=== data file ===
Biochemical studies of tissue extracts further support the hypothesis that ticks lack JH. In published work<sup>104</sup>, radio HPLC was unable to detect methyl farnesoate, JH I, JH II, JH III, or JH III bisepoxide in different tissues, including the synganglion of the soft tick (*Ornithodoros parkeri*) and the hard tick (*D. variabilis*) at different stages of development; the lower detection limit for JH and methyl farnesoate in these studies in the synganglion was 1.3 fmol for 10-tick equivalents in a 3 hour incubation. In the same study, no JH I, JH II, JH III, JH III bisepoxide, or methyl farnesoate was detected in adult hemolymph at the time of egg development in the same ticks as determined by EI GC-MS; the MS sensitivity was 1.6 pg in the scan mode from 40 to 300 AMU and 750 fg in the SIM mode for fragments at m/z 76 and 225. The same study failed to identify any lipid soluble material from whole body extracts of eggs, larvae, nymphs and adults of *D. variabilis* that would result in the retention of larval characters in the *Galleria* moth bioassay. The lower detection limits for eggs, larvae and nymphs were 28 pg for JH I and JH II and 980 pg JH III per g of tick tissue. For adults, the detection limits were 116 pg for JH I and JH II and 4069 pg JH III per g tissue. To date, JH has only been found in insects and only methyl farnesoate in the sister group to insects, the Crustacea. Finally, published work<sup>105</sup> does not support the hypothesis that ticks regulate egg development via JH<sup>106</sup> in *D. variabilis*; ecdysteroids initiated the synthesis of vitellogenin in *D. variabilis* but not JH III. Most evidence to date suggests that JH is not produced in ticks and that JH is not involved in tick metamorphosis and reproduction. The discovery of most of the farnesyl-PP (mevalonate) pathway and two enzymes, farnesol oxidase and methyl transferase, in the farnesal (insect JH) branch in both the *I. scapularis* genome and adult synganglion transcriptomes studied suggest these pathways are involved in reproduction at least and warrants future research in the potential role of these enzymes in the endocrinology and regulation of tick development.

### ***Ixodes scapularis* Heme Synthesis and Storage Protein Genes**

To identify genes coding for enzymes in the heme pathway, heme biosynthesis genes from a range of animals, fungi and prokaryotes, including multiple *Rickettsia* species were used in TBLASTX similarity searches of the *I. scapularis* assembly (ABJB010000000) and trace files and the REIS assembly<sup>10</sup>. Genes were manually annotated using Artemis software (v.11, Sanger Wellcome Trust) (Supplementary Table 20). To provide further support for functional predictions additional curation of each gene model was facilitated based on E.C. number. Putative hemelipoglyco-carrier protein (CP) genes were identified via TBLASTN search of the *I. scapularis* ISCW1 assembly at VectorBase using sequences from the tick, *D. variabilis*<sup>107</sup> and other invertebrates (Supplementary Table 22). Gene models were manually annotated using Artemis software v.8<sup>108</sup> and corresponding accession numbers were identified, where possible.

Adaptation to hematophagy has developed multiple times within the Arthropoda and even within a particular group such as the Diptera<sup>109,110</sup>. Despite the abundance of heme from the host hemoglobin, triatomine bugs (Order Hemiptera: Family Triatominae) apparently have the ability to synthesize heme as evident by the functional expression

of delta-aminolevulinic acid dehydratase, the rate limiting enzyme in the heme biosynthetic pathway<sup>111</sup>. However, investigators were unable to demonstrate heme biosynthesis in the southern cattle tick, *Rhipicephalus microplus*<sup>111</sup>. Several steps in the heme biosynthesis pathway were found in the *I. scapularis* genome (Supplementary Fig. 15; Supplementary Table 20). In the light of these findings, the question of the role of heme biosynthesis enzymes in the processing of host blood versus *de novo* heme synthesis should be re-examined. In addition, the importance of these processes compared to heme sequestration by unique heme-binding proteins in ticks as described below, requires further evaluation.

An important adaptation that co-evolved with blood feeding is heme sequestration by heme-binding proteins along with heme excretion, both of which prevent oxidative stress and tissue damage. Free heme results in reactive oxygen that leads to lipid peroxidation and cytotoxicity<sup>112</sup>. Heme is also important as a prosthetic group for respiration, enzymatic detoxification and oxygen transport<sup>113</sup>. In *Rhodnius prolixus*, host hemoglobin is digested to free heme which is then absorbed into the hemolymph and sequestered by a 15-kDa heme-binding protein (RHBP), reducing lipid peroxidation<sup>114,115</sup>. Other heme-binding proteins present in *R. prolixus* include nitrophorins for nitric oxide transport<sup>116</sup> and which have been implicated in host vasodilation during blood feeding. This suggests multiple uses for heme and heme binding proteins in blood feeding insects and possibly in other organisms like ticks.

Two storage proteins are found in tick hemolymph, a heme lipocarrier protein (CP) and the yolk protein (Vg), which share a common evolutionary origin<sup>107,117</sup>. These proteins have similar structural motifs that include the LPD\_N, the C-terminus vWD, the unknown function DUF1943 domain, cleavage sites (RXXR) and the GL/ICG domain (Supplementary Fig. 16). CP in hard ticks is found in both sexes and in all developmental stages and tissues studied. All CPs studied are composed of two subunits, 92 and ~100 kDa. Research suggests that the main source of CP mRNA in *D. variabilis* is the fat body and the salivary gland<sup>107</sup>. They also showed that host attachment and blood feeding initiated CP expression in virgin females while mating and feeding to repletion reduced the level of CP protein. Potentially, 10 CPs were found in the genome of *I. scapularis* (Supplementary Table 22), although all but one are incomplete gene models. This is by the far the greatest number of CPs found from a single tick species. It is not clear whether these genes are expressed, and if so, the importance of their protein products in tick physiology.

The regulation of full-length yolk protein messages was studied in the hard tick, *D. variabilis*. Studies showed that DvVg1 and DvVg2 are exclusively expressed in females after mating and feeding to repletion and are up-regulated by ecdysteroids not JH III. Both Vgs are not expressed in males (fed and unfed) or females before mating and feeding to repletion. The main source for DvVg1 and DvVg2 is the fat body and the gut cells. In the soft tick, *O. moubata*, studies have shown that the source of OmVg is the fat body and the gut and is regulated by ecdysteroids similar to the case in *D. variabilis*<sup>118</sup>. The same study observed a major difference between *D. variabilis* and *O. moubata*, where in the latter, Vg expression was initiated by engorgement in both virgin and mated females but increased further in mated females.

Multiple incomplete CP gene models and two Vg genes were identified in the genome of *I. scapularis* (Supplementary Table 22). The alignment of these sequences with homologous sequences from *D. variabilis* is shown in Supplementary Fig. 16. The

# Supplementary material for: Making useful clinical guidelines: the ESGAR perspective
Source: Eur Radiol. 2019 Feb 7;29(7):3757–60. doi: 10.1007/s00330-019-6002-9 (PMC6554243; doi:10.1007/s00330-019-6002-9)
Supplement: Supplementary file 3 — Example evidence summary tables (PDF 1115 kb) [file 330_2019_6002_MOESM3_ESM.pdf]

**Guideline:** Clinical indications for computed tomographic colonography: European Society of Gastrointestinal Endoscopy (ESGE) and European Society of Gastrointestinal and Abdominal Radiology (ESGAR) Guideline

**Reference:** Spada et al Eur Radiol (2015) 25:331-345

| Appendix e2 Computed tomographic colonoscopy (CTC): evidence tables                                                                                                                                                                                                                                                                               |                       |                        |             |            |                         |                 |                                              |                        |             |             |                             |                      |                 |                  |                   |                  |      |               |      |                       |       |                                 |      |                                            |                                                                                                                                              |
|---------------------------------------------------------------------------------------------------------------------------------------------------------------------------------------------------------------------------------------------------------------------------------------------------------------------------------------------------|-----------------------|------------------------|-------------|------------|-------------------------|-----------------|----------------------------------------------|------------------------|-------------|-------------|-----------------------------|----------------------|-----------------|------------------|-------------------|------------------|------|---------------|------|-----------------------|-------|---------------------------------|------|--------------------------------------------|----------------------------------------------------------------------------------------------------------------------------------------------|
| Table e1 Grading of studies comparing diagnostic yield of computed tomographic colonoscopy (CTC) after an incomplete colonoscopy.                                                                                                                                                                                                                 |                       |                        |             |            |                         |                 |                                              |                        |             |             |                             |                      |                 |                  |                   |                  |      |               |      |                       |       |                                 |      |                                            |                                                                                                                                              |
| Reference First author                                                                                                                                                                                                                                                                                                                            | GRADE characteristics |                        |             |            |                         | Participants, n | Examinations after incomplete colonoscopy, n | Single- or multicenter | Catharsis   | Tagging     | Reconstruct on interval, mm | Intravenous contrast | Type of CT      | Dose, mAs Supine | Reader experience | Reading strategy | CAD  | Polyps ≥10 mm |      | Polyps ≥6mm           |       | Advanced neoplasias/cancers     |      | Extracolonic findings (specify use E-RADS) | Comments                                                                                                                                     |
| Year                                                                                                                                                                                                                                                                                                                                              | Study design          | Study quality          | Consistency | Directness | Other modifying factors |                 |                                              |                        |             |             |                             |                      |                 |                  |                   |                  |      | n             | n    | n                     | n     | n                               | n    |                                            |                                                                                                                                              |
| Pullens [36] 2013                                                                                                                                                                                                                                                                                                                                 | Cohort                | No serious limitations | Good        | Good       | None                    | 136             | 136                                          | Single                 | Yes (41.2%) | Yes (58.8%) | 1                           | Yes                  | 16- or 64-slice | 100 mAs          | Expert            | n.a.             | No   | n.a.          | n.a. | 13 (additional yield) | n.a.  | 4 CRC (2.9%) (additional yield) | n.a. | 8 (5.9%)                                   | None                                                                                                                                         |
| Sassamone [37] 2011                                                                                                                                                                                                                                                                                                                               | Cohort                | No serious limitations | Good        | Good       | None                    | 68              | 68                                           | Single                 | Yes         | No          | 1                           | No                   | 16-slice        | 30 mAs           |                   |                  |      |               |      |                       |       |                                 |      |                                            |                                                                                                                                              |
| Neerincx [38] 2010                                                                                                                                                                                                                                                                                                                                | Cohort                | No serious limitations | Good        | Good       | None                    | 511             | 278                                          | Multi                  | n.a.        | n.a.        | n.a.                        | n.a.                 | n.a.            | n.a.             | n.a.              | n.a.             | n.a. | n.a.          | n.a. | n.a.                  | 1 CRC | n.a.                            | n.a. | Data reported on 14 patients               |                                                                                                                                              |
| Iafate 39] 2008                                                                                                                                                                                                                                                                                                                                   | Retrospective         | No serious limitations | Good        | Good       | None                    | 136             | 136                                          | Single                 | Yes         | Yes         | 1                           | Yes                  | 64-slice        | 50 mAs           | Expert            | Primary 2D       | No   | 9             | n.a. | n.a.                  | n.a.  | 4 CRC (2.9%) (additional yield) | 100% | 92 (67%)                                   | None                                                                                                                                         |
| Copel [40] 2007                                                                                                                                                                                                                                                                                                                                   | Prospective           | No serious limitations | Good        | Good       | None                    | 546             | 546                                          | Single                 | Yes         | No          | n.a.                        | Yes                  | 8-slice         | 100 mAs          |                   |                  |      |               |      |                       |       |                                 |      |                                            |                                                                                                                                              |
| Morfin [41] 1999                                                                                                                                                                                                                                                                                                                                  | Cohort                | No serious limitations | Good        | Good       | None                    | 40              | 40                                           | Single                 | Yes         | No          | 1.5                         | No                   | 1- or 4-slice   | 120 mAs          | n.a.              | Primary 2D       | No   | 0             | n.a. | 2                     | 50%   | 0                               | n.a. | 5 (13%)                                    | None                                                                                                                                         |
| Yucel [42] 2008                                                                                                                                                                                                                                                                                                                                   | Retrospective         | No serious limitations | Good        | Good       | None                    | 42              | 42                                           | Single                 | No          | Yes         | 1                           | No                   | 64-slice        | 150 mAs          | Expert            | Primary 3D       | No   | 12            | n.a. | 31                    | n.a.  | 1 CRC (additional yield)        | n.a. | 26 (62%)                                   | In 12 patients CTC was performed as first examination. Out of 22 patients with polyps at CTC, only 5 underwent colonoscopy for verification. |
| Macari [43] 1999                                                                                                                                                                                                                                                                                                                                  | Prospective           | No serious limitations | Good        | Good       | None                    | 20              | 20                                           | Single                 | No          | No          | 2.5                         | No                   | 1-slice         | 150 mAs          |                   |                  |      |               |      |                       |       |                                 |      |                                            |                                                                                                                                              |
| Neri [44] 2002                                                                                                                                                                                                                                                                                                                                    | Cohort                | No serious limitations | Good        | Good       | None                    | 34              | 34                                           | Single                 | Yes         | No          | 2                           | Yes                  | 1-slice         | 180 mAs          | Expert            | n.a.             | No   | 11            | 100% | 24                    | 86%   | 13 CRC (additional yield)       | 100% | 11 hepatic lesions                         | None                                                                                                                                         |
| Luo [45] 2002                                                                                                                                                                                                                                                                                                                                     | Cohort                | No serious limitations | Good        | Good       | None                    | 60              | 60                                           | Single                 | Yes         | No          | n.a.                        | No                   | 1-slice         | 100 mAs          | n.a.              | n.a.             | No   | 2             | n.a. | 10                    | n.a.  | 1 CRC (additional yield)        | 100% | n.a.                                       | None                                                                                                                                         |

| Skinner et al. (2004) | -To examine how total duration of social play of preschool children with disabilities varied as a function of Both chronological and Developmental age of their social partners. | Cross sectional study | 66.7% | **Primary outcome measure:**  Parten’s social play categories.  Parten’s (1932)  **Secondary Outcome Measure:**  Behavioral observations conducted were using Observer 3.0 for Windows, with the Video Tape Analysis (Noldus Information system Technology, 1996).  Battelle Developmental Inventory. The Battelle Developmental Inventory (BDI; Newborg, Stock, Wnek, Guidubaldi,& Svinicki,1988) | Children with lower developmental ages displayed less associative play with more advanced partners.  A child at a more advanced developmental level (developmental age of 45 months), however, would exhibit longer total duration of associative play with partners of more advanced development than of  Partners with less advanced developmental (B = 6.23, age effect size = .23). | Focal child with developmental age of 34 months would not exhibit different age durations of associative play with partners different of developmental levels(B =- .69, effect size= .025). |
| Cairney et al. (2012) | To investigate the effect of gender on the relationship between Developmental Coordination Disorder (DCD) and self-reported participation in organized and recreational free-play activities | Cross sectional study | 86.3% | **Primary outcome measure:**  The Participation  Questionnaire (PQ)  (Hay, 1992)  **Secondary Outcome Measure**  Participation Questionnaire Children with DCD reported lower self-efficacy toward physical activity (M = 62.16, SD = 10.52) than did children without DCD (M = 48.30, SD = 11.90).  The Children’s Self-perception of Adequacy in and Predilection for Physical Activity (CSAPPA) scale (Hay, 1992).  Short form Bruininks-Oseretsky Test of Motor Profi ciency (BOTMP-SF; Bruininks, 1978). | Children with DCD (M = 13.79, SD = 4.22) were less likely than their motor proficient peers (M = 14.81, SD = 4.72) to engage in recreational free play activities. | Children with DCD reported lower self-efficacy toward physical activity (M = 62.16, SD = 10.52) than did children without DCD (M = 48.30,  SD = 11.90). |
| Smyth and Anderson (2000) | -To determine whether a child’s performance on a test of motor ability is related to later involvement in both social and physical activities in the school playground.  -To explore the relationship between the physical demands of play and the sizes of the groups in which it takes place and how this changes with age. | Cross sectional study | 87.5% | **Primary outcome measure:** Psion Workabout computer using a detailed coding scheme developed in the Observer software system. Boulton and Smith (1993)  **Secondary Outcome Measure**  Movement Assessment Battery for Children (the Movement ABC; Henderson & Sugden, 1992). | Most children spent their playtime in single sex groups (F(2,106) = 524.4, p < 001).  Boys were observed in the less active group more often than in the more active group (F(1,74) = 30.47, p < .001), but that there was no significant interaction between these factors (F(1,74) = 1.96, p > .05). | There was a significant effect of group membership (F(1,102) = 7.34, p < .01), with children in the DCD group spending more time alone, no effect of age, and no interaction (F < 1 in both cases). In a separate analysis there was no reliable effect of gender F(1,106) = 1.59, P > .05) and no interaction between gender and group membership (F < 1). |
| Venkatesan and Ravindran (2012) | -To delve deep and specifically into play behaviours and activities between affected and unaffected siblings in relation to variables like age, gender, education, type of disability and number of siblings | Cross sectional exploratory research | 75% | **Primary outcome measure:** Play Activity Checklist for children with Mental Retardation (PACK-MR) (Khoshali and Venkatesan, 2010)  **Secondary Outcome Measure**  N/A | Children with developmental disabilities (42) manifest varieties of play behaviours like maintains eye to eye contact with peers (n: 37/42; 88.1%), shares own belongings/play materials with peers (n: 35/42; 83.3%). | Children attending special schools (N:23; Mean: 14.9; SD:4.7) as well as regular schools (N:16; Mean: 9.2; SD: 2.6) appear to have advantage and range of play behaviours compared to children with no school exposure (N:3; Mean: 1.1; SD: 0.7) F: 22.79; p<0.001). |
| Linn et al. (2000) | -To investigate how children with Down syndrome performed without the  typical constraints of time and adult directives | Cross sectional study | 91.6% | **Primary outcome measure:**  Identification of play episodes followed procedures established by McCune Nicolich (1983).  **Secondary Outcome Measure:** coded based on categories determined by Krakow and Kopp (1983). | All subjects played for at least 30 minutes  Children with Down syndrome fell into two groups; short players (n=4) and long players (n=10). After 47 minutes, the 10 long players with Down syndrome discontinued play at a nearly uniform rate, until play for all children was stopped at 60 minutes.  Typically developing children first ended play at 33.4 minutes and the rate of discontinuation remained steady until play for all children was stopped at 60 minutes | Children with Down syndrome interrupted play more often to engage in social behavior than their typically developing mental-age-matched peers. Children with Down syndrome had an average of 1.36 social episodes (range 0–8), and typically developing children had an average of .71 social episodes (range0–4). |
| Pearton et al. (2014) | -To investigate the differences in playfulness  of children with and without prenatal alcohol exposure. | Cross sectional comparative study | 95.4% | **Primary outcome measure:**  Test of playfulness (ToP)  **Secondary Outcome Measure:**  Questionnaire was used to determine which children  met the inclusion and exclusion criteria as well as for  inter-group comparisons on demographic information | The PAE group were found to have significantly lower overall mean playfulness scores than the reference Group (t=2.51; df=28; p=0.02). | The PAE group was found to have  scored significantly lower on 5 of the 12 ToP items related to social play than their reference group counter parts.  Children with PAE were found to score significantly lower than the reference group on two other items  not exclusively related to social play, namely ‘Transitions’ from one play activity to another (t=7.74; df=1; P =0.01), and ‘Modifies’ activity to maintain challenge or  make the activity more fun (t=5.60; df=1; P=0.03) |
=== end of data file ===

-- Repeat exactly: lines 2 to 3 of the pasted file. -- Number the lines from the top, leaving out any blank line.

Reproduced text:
### ***Ixodes scapularis* Heme Synthesis and Storage Protein Genes**

To identify genes coding for enzymes in the heme pathway, heme biosynthesis genes from a range of animals, fungi and prokaryotes, including multiple *Rickettsia* species were used in TBLASTX similarity searches of the *I. scapularis* assembly (ABJB010000000) and trace files and the REIS assembly<sup>10</sup>. Genes were manually annotated using Artemis software (v.11, Sanger Wellcome Trust) (Supplementary Table 20). To provide further support for functional predictions additional curation of each gene model was facilitated based on E.C. number. Putative hemelipoglyco-carrier protein (CP) genes were identified via TBLASTN search of the *I. scapularis* ISCW1 assembly at VectorBase using sequences from the tick, *D. variabilis*<sup>107</sup> and other invertebrates (Supplementary Table 22). Gene models were manually annotated using Artemis software v.8<sup>108</sup> and corresponding accession numbers were identified, where possible.